OUR LITTLE DUTCH COUSIN another man, who was standing beside the ship’s hatch; and he, in turn, tossed them to another who was down in the hold and who was stacking them up in neat rows. “I’d like to play that kind of ball; it looks as easy as can be,” said Pieter. “It’s not as easy as you think,” said his father; “just pick up one of these cheeses, and try its weight.” Pieter tried and so did Theodore; but they thought better of it as a game, and the cheese man himself laughed at their unsuccessful efforts to grasp a cheese in one hand. “Just look at our hands,” exclaimed Theodore, after they had finished handling the cheeses; “they are quite red.” “That is the red colouring matter which is put on the outside to preserve them,” said Mynheer. “Now we will take a walk around the town, and then make our way back to Amsterdam,” said Mynheer Joost; “and we will stop by the way at Edam, and you can see the little town which gives the name to these red cheeses.” During the dinner at Edam, a happy idea struck Mynheer Joost. “Children,” he said, “how would you like to have a 90

WHERE THE CHEESES COME FROM ride in a ‘trekschuit,’ or passenger barge? There is one leaving here for Volendam in half an hour, the landlord of the inn tells me, and if you are ready, we will go out and hunt it up.” “Oh, that will be great fun,” cried the twins in one breath. There are few of these old-time conveyances left in Holland, and it was as much a novelty for them as for Theodore. You will see from the picture what an odd sort of a passenger craft the “trekschuit” really is. There is one man pulling it, while another walks behind and steers it by the big tiller, which he handles from the shore in the same manner that he would if he were on board. The children stood in the bows among the big brass milkcans and butter baskets of the market-women, and said they knew just how comfortable the fat Dutchmen feel, as they sit on their “tjalks,” and let their women and children draw them about. The next day found our little friends home again, 91

OUR LITTLE DUTCH COUSIN planning other good times. Soon the time came, however, when Theodore must leave his Dutch cousins and go back to America. The twins were nearly broken-hearted at the very idea of it; for they had become as fond of Theodore as if he were a brother. Wilhelmina wept, and said she didn’t see why Theodore could not stay for St. Nicholas; and Pieter himself had to wink hard to keep back the tears. But Theodore consoled them by telling them that he would come again and spend a winter with them, so as to see a real Dutch Christmas, which, strange to say, is celebrated on the feast of good St. Nicholas, which comes on the sixth of December. Then they would have skating and all kinds of winter sports together, which, to tell the truth, are the favourite amusements of our little Dutch cousins. THE END.


“The children stood in the bows.”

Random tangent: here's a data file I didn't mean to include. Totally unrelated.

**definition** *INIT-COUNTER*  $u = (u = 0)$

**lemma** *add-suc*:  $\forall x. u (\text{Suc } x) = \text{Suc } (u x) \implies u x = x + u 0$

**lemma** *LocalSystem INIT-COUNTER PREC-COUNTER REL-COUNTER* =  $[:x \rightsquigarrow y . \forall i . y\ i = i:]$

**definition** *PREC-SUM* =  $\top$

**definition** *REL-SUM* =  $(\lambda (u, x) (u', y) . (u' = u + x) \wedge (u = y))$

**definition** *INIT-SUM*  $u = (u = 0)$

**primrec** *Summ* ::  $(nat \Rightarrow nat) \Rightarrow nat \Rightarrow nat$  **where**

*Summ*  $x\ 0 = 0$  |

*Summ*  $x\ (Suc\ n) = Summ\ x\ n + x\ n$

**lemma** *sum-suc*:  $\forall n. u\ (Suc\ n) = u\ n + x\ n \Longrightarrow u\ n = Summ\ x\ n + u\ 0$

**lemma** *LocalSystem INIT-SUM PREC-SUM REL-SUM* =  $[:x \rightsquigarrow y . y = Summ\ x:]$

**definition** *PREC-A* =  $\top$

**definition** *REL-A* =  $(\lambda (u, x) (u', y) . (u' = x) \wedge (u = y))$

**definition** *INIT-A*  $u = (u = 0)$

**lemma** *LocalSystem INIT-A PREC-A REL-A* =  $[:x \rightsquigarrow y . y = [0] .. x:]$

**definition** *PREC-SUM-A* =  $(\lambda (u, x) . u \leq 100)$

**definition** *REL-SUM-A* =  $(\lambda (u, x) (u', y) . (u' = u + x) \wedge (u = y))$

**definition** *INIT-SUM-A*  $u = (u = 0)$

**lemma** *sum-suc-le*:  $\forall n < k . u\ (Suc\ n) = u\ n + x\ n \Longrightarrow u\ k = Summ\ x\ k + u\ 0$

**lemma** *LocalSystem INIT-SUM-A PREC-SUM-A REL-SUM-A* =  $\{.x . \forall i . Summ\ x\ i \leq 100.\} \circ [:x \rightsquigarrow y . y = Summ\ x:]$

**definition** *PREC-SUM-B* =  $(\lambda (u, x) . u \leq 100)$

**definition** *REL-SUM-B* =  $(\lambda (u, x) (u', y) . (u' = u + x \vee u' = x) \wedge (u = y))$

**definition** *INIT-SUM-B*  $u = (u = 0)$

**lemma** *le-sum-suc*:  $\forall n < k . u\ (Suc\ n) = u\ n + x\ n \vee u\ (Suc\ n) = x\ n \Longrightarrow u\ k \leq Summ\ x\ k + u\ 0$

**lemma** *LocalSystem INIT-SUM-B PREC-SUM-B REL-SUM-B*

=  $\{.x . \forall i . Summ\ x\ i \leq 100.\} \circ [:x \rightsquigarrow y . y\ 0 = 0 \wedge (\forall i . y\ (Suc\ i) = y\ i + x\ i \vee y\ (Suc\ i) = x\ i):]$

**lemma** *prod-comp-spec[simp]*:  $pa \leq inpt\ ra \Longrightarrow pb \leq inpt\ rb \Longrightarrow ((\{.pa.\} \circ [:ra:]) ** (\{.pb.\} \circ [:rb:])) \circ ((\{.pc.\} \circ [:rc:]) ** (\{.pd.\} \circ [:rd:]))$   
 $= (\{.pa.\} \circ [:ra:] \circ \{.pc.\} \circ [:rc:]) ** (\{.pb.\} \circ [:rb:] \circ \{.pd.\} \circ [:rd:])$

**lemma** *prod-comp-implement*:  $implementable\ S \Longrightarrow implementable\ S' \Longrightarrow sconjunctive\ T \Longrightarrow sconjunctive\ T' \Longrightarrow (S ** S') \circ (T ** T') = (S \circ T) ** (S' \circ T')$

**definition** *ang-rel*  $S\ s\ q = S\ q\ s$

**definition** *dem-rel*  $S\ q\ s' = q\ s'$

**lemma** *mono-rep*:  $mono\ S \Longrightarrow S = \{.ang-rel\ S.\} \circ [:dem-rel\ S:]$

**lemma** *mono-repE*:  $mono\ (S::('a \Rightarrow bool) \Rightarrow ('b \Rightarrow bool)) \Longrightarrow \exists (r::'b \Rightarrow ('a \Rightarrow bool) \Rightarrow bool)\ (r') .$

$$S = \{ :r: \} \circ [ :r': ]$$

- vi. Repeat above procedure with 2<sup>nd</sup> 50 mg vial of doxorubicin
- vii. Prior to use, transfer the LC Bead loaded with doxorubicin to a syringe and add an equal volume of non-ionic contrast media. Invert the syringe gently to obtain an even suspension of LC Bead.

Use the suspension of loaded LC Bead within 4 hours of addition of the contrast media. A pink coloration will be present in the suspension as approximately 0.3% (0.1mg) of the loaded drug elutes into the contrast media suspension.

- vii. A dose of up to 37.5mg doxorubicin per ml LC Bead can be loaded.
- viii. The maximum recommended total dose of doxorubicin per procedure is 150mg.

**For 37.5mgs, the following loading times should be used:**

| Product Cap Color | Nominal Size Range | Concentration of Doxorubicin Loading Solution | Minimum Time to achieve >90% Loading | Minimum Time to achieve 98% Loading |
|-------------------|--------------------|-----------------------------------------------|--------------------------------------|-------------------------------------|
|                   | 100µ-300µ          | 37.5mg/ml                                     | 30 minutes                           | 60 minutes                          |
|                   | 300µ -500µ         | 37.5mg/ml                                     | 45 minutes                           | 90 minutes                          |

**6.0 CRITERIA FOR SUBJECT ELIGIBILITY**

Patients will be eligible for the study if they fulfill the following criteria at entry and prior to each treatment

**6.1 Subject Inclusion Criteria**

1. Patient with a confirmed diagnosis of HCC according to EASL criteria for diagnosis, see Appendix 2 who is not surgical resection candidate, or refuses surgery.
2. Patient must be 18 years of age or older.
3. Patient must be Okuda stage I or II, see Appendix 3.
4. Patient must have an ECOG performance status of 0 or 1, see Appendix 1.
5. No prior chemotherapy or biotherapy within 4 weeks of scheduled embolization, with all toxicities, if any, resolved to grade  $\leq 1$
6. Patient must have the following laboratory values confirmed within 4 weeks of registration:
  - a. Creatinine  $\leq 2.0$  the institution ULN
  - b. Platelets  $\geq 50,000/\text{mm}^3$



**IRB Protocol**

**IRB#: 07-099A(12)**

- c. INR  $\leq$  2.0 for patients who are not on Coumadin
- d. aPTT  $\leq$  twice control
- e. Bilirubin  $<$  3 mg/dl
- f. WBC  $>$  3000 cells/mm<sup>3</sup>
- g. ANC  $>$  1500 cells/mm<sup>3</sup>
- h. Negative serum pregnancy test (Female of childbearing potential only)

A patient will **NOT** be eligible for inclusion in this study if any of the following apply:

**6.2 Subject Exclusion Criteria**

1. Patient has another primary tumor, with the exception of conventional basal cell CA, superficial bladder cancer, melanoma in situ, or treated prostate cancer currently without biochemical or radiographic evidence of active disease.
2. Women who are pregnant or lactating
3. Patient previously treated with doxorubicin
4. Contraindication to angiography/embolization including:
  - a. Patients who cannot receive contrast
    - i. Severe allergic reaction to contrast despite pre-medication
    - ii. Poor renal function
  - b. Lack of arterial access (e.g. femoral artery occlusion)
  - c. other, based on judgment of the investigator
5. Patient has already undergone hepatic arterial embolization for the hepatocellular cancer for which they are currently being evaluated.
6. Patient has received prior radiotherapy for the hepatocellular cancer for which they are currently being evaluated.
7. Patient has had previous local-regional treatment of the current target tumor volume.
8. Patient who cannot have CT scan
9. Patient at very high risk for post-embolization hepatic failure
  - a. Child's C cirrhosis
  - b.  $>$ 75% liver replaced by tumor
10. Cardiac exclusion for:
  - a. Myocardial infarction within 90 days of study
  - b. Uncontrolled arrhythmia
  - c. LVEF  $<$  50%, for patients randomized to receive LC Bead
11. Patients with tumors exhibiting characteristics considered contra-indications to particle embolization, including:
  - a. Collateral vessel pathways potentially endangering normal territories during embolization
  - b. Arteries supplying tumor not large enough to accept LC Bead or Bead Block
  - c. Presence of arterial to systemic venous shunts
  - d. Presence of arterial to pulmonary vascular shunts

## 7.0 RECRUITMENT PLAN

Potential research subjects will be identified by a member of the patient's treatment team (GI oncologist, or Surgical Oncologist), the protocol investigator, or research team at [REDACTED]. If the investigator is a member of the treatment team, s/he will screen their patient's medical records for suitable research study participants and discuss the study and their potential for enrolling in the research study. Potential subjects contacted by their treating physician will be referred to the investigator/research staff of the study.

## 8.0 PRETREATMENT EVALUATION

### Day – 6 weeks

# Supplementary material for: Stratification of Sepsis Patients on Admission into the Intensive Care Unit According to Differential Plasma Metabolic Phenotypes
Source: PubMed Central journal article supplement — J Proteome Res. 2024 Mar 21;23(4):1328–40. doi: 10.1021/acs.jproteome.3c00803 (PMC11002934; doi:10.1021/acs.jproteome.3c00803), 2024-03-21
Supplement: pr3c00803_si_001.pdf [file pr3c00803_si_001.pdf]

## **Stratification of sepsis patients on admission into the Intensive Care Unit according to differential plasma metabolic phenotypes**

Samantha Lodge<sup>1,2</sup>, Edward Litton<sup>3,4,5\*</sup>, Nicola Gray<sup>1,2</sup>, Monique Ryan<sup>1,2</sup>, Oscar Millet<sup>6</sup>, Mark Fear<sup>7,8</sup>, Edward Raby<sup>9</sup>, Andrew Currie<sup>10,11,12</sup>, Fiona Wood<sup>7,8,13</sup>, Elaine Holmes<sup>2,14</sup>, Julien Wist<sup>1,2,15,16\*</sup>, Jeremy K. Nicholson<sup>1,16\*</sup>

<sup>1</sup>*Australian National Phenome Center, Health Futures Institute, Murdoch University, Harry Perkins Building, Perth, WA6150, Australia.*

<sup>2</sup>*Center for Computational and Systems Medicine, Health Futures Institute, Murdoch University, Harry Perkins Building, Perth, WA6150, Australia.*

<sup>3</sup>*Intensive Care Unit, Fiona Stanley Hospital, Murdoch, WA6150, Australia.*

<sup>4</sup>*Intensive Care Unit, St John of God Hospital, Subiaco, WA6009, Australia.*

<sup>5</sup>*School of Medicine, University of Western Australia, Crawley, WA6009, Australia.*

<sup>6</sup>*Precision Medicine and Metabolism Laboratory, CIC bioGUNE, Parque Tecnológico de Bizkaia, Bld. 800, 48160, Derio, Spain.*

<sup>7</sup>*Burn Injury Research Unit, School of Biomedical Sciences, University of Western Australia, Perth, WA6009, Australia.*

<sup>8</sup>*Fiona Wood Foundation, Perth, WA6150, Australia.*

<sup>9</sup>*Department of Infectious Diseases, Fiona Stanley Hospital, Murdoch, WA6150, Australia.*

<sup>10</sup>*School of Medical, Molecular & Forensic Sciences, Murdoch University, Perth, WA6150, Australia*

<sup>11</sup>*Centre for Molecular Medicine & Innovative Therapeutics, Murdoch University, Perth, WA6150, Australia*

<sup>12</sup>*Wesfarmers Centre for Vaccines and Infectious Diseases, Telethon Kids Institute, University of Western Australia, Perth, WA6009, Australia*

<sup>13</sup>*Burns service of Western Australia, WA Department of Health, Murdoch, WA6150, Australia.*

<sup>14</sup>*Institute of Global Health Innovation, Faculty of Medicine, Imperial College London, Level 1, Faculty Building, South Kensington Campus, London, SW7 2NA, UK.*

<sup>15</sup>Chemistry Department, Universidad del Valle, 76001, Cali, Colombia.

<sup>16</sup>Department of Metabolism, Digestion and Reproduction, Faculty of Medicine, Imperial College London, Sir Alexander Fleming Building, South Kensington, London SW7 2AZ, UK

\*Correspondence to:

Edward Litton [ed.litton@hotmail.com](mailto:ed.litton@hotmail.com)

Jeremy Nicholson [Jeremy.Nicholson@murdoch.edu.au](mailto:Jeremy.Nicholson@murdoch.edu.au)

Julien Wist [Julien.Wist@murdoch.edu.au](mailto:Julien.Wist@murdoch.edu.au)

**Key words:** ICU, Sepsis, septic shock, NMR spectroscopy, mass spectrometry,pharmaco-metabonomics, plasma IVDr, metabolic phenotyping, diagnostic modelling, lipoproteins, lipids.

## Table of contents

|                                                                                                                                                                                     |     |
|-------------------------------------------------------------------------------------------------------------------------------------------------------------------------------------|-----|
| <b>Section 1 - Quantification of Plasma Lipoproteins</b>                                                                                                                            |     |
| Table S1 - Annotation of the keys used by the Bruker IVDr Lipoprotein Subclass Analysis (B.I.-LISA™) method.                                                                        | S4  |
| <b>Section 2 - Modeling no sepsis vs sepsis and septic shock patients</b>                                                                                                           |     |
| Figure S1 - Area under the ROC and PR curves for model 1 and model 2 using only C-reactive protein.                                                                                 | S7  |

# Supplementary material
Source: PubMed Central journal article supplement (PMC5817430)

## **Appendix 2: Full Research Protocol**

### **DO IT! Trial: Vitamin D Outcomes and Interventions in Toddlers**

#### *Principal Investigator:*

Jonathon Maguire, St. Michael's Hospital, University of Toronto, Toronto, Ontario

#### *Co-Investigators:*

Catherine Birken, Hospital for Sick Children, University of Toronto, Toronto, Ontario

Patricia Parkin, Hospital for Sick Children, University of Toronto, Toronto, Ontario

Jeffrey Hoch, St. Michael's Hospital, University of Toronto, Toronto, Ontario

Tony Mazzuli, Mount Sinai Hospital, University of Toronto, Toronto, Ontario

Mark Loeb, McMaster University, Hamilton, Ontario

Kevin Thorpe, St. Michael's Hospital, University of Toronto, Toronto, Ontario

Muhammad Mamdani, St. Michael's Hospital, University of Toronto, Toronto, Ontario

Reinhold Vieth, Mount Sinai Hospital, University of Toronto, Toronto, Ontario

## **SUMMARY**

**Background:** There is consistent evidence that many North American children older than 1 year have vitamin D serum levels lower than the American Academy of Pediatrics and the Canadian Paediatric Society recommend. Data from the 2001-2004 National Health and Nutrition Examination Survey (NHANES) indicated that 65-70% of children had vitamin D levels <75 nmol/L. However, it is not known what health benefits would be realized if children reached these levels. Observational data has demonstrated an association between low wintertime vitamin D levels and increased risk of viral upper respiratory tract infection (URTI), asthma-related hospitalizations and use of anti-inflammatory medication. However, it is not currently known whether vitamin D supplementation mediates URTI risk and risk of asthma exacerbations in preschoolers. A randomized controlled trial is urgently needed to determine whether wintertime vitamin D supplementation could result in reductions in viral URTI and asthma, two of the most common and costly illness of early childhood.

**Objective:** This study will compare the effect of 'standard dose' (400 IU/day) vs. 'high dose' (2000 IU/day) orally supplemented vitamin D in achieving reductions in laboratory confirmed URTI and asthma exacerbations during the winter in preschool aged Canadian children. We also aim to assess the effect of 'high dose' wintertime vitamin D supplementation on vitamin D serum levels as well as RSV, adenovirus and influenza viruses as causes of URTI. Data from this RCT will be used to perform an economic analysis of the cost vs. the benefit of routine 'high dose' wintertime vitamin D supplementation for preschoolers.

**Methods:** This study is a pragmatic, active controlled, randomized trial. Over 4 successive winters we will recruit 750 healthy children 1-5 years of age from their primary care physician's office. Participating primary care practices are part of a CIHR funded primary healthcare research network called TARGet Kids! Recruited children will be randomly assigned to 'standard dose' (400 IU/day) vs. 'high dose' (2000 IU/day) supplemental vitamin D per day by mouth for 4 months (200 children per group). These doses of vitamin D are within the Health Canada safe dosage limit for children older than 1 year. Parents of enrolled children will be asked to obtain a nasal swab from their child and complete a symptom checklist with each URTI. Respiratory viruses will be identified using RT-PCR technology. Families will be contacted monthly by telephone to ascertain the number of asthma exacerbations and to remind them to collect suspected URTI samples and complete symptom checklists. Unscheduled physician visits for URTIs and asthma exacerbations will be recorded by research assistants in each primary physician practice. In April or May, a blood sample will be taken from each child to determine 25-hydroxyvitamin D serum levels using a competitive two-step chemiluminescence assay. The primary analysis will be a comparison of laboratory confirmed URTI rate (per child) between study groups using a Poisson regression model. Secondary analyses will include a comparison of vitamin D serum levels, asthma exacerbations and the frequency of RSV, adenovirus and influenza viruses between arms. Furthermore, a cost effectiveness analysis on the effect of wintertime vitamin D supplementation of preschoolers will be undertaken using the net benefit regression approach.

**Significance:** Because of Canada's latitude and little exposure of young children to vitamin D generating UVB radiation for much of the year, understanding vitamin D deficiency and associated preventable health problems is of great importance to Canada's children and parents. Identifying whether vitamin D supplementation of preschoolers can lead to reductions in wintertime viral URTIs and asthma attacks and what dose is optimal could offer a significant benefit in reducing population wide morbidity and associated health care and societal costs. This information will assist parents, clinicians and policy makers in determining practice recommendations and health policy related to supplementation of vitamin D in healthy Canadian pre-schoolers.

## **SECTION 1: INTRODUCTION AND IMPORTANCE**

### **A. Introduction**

Our Little Belgian Cousin Blanche McManus

“‘Good morning,’ he called out smilingly.”

Preface Our little Belgian cousins are, of all our European cousins, perhaps the most difficult for strangers to become acquainted with. As a race they resemble, in parts of their tiny country, as much the French as they do in other parts the Hollanders. In no way are they an unsympathetic people, but they have been so surrounded on all sides by other nations that they have, in a way, many of the characteristics of the manners and customs beyond the frontiers. Our little Belgian cousins, boys and girls, are, on one side, like our little Dutch cousins, and, truth to tell, their dress in many cases is not far different. Elsewhere they are much like our little French cousins of Normandy and Picardy, making due allowance for the fact that the conditions of life are harder in Belgium, which is a small country compared to France, and in its relations with the 97

OUR LITTLE BELGIAN COUSIN outside world even more circumscribed than Holland. Nevertheless our little Belgian cousins are very human little people, and the Flemish and Walloons, and those that speak Dutch, and those that speak French are one and all delightful friends, and little American cousins should take much pleasure in knowing intimately these hard-working but pleasure-loving folk. At all events their country is a most historic one, and their industry has made the Belgians one of the great little nations of the world. All little American cousins will appreciate the sterling character of Gerard, the little musician, and of Helda, the little lace-maker, who became such good friends in the quaint old Flemish city of Ghent.


CHAPTER I The Little Lace-Maker “Good-by, my child, be a good girl, obey your Aunt Ursula in all things, and be sure that you do not lose your ticket.” Helda’s mother, as she spoke, gave her little daughter a hasty kiss as she lifted Helda into the waiting train which was to carry her away on a visit to her Aunt Ursula. In another minute the chugging engine was pulling the train out of the little Belgian wayside station which was very near Helda’s home. Helda blinked hard to keep back the tears as she leaned out the car window and waved her handkerchief to her mother standing alone on the platform. When her mother was actually out of sight Helda let a big wave of tears roll down her cheeks until she suddenly remembered that she 100